5. Ensuring the development of an agreed plan of action by national supervisors in a crisis situation.
6. Ensuring transparency, ease of use and availability of financial products and services for consumers.
The third stage: centralization of supervisory powers in the EU financial sector – creation
Single supervisory mechanism
Changes in the institutional structure proposed in the de Laroziere report have become an important stage in the development of integration in the field of EU financial regulation and supervision. However, they were only part of a large-scale reform, the main purpose of which was the creation of a single supervisory mechanism as one of the elements of the European Banking Union.
A single supervisory mechanism was introduced by Regulation 1024/2013 on October 15, 2013 . The establishment of the Unified Supervisory Mechanism marked the transition from the traditional principles of cooperation and cooperation of national authorities to a centralized system of supervision in the Eurozone, which was based on the application of the principles of subsidiarity and proportionality, enshrined in Art. 5 of the EU Treaty. EU member states that are not members of the Eurozone can join the Common Supervisory Mechanism on a voluntary basis by signing an accession agreement.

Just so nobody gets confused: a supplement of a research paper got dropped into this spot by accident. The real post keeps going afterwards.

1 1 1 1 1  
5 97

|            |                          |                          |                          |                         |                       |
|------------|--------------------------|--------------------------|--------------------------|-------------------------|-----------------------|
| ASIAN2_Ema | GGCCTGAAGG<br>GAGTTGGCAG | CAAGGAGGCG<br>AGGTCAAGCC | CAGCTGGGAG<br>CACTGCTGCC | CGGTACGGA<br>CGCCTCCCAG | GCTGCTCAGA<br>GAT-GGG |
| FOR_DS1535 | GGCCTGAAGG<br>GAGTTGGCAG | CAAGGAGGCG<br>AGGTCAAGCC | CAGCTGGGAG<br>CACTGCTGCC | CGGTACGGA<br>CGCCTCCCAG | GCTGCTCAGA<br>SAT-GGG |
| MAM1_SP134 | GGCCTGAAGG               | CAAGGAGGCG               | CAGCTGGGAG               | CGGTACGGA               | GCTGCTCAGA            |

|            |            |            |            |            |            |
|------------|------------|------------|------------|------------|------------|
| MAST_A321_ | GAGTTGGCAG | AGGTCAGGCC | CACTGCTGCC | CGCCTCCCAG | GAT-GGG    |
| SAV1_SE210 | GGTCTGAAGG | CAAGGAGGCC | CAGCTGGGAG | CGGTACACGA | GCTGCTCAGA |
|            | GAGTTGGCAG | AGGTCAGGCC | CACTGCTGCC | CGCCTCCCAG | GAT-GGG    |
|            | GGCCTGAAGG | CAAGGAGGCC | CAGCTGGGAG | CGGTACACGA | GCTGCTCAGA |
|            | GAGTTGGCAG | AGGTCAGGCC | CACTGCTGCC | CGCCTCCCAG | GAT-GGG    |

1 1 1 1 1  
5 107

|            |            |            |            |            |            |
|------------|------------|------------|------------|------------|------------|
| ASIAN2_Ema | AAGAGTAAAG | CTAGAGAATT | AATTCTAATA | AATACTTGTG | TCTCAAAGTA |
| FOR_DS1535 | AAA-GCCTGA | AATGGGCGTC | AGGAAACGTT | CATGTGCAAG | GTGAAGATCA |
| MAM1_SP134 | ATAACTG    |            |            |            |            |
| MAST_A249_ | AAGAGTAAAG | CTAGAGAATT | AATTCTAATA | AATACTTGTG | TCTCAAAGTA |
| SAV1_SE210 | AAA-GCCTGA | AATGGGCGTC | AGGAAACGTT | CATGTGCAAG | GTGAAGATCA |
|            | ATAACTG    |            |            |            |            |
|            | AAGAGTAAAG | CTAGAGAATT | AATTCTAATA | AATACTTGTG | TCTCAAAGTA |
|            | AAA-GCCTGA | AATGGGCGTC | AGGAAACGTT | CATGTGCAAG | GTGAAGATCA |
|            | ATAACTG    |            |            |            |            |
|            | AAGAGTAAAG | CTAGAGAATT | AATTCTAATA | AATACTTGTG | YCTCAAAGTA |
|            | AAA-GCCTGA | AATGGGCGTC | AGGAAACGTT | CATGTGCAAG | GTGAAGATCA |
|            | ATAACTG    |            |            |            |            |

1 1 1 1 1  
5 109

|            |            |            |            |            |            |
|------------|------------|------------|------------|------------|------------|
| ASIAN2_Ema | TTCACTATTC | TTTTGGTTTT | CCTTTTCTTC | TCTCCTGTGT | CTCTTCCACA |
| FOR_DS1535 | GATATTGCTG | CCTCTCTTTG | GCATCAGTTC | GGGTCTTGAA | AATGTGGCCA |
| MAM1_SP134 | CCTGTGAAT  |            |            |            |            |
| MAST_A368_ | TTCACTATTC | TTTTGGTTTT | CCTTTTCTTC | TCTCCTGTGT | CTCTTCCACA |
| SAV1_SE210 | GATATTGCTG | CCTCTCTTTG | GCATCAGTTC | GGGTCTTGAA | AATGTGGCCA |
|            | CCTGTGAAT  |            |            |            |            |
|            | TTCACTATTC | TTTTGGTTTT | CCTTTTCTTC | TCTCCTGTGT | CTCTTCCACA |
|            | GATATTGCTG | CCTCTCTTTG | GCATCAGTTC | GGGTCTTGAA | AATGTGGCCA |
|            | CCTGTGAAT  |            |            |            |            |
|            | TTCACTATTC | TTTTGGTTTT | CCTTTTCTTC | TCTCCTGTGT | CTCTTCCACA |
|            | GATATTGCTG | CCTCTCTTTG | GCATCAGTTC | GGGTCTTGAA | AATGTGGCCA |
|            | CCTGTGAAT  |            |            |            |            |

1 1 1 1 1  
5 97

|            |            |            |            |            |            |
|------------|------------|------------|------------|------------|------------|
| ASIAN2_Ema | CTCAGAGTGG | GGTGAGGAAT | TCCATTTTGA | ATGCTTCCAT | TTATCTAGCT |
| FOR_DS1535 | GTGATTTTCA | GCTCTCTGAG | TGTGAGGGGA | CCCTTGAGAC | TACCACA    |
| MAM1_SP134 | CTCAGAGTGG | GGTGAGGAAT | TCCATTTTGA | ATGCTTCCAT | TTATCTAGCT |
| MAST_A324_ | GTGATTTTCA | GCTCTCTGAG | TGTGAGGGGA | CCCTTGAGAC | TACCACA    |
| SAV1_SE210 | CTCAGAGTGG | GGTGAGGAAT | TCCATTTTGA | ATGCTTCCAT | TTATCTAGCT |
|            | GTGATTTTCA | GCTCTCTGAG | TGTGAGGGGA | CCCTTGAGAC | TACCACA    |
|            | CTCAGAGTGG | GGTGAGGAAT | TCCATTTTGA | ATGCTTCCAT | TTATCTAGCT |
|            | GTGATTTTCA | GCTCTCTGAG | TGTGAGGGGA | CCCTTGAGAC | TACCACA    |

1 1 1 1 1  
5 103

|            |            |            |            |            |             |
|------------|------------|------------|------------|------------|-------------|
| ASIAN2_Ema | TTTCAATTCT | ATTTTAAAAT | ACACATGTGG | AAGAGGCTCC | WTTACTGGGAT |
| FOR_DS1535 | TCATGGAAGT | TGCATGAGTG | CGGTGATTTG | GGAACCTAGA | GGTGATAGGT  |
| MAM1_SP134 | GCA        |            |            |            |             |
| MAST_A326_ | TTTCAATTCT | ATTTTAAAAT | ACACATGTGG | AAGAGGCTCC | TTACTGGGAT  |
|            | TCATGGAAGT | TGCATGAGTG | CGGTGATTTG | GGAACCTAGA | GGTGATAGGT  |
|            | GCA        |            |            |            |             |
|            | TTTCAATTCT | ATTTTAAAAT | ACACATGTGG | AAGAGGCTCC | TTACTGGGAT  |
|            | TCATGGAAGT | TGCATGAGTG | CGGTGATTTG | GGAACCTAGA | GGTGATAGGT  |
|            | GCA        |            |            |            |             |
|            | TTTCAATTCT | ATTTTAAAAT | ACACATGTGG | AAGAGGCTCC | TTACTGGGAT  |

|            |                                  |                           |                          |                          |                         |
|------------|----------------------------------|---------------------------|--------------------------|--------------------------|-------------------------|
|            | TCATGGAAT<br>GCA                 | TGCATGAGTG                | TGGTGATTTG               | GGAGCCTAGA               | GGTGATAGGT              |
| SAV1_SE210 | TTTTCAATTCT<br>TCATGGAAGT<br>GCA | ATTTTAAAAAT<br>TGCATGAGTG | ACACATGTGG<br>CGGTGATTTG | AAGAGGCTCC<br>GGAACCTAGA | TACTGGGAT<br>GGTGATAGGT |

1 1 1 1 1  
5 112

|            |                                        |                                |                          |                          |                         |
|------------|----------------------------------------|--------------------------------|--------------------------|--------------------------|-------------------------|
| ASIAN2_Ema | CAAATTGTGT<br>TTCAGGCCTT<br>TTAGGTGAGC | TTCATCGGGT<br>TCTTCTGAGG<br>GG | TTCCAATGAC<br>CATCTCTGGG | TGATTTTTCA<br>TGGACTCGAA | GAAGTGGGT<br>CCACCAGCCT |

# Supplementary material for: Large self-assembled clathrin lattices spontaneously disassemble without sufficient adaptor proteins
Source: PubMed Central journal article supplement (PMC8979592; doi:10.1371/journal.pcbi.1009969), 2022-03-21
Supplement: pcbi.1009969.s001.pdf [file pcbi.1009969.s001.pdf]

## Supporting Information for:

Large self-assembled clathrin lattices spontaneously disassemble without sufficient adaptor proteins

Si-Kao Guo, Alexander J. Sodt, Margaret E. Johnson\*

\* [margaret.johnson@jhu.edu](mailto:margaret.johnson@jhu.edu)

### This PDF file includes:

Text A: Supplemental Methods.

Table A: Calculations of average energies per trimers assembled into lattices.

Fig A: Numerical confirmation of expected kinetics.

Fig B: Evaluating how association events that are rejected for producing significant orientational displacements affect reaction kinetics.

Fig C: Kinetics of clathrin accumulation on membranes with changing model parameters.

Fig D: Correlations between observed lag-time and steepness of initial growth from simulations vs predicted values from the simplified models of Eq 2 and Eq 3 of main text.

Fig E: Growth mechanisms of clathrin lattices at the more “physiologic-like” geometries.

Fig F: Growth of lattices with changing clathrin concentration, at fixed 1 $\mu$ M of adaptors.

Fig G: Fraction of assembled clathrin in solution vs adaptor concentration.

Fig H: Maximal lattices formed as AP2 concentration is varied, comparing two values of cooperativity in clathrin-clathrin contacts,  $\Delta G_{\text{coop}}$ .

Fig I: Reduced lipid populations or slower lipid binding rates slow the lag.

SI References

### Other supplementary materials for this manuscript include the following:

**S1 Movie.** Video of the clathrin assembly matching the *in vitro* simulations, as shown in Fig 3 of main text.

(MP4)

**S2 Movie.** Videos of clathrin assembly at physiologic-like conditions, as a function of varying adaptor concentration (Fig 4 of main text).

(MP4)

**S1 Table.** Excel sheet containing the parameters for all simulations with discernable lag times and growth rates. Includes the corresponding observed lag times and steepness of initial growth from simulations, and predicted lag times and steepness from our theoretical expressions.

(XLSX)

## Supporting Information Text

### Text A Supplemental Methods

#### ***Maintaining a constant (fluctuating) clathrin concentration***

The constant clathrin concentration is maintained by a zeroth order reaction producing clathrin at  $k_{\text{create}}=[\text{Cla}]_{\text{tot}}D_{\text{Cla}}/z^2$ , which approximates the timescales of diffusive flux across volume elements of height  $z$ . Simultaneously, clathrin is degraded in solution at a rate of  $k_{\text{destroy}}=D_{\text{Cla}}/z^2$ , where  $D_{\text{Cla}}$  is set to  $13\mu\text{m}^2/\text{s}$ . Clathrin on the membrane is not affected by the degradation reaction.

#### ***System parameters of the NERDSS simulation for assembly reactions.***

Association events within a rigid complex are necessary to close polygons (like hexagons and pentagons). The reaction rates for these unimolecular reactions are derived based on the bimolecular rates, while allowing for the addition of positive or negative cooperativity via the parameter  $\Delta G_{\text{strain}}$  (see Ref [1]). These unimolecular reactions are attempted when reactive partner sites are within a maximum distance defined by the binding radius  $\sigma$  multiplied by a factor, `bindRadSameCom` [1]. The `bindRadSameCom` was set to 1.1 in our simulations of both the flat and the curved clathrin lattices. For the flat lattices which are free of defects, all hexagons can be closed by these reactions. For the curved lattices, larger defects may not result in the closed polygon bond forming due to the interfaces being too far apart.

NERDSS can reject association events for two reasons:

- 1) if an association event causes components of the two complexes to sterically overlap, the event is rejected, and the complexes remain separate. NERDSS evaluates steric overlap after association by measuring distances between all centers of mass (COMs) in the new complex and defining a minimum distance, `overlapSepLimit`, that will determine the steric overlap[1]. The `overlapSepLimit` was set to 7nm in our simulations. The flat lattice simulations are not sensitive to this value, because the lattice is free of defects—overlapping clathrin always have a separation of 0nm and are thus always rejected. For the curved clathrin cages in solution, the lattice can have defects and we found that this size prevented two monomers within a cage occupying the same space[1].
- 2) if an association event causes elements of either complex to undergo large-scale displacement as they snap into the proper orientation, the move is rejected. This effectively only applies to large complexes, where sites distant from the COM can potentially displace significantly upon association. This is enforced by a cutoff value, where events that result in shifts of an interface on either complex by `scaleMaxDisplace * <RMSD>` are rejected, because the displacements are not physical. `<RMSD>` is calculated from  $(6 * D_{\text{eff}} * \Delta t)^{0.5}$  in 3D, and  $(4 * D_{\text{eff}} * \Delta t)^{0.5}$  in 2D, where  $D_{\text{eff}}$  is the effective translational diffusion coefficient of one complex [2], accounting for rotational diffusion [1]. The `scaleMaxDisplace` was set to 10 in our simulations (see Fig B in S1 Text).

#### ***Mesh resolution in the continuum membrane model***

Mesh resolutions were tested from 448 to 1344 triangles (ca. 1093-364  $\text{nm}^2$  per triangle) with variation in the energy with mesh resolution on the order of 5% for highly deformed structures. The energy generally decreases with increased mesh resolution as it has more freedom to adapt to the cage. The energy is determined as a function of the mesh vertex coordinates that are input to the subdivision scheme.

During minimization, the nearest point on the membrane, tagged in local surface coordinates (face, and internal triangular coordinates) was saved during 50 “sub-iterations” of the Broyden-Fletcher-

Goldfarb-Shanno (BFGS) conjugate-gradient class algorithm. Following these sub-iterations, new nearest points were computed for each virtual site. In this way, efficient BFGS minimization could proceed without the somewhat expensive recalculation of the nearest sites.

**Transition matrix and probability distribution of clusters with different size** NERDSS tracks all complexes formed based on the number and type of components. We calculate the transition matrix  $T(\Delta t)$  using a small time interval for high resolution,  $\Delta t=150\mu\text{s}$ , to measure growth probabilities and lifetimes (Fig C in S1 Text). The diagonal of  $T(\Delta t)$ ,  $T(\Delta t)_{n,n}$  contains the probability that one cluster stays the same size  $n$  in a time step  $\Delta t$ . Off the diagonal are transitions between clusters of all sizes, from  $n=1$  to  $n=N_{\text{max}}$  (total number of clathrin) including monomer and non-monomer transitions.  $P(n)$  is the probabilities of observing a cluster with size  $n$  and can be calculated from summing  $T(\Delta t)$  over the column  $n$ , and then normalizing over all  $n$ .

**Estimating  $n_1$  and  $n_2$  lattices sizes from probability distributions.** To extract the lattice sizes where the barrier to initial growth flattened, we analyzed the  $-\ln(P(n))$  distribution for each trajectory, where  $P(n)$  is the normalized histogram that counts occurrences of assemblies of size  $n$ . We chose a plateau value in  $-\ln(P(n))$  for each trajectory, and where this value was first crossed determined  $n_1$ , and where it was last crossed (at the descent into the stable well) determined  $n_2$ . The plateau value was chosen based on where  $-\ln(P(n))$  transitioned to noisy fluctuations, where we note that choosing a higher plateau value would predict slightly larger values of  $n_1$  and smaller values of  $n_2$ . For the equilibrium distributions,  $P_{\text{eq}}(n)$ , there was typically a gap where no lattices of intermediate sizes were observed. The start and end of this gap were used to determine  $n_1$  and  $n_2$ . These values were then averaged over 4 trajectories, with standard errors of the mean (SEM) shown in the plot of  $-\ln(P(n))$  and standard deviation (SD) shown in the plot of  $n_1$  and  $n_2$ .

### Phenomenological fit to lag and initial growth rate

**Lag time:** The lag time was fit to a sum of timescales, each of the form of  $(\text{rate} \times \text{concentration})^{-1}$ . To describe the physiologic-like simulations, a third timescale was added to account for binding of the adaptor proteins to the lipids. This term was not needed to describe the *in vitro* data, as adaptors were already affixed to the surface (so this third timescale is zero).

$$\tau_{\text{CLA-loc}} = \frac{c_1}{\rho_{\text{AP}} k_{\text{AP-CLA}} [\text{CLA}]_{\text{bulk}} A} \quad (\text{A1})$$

A single supervisory mechanism does not have legal personality. The decision-making powers are entrusted to the European Central Bank and national supervisory authorities in accordance with the provisions of Regulation 1024/2013 of October 15, 2013. The European Central Bank supervises the largest banks in the Eurozone states and states that have joined the Common Oversight Mechanism, while national regulators monitor the rest of the banks. Within the framework of the new structure, the costs of exercising supervisory powers are imposed on banks that are part of the Unified Supervisory Mechanism.
A single supervisory mechanism is not only a redistribution of powers between European and national supervisory authorities. It is a new system of joint implementation of supervisory powers, based on the principles of European integration. The main objective of this system is the development of uniform methods and high standards for the work of supervisory authorities in the EU.